Opportunities for private sector participation in the Energy Efficient Lighting and Appliances Market
Private sector engagement is crucial in accelerating the adoption of energy efficient lighting and appliances and ensuring sustainability. Energy users from both, the public and private sectors, seeking to make new or replacement investments in efficient appliances and equipment, often face a number of barriers including the high upfront costs of the products, inability to access affordable funding with an appropriate tenure, competing budgetary commitments as well as limited technical skills. Demand for energy efficient lighting and appliances is also low amongst end-users due to limited awareness of the benefits of appliances. On the other hand, supply is also restricted due to limited awareness of the private sector about opportunities in East African Community (EAC) and Southern African Development Community (SADC) Member Countries. This is working against the development of vibrant markets for energy efficient appliances and services in the two regional blocks.
To address information asymmetry issues in the market; the EELA project partners are organising a webinar-series to showcase opportunities and lessons learned on how to achieve a market transformation in lighting and appliances in the region. As part of the series, a webinar on the opportunities for private sector participation in the sector was held. This webinar took place on 21 October 2020 and brought together more than 100 attendees from local, regional, and international companies, financial institutions, utilities, Non-government Organisations, government institutions as well as other international developmental organisations. The webinar discussed issues around models that can be applied by ESCOs such as Energy Performance Contracting (EPC), equipment leasing, Lighting as a Service, and Cooling as a service.
The participants were informed about technical and financial support which is available within the EELA project framework. EELA is soon to launch an Expression of Interest through which direct technical support will be provided to energy appliance users to prepare bankable energy efficiency project proposals while energy service suppliers will be eligible to receive grant funding that will go towards reducing the capital costs of implementing energy efficient lighting and appliances projects. The African Development Bank spoke about a continent-wide projects aimed at setting up and supporting super ESCOs that will spearhead the development of markets for energy efficient products and services. The Development Bank of Southern Africa is developing a program aimed at financing energy efficiency projects in Southern African countries.
The challenges and opportunities available in the markets for energy efficient lighting and appliances in EAC and SADC regions were shared. These included opportunities in the municipality, industry, agricultural and commercial sectors. The private sector can offer opportunities aimed at overcoming key barriers in the sector including the high upfront costs, lack of appropriate funding and skills. Various business models are successfully being adapted by the private sector to address these challenges and these include energy efficient equipment leasing, energy performance contracting, Cooling as a Service and Lighting as a Service.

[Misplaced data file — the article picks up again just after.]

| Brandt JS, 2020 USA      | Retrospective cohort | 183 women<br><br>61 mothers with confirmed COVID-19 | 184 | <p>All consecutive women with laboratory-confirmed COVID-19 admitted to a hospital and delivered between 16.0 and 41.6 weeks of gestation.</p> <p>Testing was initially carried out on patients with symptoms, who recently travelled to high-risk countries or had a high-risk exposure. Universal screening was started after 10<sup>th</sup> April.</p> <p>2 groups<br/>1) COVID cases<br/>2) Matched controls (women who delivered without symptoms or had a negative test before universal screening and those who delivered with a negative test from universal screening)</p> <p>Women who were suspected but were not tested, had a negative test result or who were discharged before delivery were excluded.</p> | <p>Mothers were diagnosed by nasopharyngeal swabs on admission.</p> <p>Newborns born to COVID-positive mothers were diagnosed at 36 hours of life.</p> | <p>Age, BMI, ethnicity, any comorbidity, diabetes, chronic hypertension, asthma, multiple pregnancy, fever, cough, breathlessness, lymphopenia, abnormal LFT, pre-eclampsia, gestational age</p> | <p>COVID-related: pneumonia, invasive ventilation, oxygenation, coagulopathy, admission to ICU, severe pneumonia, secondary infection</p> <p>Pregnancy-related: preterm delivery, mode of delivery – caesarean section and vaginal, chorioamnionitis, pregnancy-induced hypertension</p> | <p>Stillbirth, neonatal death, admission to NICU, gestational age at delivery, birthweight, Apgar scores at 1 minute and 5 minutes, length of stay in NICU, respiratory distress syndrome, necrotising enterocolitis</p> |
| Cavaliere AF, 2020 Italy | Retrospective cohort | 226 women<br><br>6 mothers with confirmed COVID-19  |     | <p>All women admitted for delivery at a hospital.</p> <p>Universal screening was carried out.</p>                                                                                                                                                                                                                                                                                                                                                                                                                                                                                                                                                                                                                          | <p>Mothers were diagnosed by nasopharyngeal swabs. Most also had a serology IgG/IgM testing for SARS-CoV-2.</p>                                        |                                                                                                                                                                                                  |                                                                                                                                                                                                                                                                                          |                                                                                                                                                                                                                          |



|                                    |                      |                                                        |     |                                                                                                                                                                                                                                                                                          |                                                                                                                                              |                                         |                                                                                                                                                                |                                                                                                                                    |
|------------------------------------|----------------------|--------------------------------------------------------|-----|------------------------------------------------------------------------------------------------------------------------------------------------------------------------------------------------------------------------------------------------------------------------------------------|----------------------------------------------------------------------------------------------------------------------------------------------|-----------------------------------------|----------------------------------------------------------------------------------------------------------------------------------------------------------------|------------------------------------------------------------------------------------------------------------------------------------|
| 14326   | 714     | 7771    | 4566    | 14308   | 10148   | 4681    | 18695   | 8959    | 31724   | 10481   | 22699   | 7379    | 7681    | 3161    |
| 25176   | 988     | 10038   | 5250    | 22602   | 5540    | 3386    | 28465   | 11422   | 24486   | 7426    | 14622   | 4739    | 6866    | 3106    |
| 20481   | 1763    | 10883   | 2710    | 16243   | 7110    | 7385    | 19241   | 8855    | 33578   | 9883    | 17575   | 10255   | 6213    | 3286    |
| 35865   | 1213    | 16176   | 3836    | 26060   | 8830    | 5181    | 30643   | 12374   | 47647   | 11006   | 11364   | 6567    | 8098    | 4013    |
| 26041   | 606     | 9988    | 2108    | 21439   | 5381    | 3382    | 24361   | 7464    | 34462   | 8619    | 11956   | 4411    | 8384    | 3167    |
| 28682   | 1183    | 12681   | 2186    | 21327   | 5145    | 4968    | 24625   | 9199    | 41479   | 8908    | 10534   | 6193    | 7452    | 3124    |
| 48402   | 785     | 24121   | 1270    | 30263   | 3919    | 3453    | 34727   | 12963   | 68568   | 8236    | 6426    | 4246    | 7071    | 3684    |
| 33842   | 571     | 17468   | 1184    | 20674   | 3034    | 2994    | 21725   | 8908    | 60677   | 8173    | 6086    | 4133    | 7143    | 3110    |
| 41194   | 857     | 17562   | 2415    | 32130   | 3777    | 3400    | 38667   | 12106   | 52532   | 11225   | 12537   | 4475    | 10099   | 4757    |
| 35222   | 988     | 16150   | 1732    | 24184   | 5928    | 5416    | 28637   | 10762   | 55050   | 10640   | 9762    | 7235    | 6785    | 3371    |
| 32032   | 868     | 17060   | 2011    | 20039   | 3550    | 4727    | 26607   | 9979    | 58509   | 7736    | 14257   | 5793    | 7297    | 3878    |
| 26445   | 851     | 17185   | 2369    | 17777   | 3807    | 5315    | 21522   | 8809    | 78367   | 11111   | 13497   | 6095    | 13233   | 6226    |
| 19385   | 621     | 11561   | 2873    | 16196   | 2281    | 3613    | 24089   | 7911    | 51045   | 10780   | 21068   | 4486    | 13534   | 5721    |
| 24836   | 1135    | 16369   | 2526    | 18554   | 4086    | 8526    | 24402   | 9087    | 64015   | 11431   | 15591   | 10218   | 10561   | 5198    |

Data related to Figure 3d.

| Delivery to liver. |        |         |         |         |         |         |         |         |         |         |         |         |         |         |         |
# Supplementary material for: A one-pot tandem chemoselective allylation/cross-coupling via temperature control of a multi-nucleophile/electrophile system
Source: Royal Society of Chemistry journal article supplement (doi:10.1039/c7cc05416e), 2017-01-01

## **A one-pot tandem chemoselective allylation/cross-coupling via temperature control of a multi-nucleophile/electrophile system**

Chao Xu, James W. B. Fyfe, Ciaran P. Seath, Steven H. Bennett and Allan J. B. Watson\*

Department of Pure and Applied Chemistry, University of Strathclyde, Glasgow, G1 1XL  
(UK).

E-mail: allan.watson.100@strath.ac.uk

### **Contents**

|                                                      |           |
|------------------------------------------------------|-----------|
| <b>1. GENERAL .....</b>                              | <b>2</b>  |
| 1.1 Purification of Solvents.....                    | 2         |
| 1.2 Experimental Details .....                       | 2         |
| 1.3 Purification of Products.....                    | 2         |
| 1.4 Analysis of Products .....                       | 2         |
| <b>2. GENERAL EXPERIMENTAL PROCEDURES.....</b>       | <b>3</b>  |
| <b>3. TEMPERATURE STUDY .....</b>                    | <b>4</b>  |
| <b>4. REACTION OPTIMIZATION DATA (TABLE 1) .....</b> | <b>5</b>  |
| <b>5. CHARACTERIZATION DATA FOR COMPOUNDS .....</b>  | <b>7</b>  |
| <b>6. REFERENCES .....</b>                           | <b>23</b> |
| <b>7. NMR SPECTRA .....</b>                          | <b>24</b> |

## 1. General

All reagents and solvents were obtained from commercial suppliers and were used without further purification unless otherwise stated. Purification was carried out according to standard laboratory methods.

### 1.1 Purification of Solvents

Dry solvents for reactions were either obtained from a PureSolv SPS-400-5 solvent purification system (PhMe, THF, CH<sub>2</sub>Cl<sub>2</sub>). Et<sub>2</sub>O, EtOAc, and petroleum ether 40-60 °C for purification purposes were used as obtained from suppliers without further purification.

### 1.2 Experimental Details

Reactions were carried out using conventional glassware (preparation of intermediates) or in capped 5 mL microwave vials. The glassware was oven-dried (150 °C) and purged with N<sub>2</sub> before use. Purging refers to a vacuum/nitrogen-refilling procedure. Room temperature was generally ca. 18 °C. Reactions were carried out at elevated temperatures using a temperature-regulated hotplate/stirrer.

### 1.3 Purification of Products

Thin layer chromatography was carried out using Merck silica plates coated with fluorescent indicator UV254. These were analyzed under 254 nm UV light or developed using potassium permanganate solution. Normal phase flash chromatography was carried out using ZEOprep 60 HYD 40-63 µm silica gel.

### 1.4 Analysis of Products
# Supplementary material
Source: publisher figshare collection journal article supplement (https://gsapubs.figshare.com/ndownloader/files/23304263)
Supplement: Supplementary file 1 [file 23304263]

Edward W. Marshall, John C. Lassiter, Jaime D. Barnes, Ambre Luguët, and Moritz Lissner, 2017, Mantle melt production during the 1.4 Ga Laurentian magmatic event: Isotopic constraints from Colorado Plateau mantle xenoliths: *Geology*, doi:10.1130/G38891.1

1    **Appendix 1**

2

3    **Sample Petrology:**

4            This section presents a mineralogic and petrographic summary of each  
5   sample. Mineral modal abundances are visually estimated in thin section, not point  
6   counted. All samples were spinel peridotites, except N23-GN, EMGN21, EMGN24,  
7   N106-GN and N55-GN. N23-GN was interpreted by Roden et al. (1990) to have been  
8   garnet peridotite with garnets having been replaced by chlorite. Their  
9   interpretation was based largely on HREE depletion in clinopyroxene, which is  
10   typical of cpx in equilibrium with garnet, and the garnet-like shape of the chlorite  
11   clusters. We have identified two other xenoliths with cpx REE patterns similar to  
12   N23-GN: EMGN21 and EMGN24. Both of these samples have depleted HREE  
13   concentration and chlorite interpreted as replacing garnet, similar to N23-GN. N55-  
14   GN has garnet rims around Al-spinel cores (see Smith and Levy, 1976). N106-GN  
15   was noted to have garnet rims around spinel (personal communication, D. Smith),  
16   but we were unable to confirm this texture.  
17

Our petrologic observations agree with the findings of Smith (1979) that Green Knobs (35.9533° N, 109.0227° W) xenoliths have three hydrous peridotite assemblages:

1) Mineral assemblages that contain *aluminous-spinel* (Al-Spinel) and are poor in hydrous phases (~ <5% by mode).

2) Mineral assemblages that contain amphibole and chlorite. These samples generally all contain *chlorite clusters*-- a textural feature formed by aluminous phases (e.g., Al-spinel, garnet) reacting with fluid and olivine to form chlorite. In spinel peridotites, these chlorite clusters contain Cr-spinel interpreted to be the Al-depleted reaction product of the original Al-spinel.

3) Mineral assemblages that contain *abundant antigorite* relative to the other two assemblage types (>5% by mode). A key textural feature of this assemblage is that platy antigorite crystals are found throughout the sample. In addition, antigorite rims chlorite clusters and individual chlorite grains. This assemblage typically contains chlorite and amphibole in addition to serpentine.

Financial institutions spoke about the challenges of getting good fundable project proposals and the difficulties of selling energy savings as a source of income while energy service providers felt financial institutions did not fully understand the sector.
Among the speakers were Fungai Matura – Private Sector Specialist for the EELA project, Soumya Prasad Garnaik - Executive Director of Energy Efficiency Services Ltd. (EESL) India, Arieh Eytan - Chairman & CEO of Unique Technology, Kelvin Odhiambo - Director and Chief Technical Officer of Icopower Kenya Limited, Jalel Chabchoub - Chief Investment Officer of African Development Bank and Tsitsi Musasike - Principal Deal Originator of the Development Bank of South Africa.
"The business model that we present to our customer or prospective customer is one that relieves the responsibility to invest. We do both, the implementation and financing. When we come to a facility, we do thorough feasibility studies, design solutions, and implement the project at our cost. How we get remunerated is through shared savings" said Kelvin Odhiambo - Director and Chief Technical Officer of Icopower Kenya Limited.
ESSL presented the successful UJALA business model and the market transformation in India where a super ESCO was created to support the development of the sector. The program focuses on creating markets for energy efficient domestic lights. The program mobilises financing, conducts bulk procurement of energy efficient lights, sets up a pay as you save structure that allows users to pay for the lights over an agreed time period and manages all the energy service suppliers involved in the program. The program has led to the distribution of 2 million lights, mobilised over USD50million and achieved energy savings of 360million kW hours per annum.
The discussion received massive interest from participants, and they expressed their interest to get engaged in the EELA project. There was a point raised by participants on the great need to sell energy efficiency (EE) to commercial banks because their argument is that EE projects are not bankable. It would be great to know how well this can be sold to them. Awareness raising amongst the key stakeholders was also one of the issues highlighted for scaling up the usage of EE products.
For more details and presentations please click here.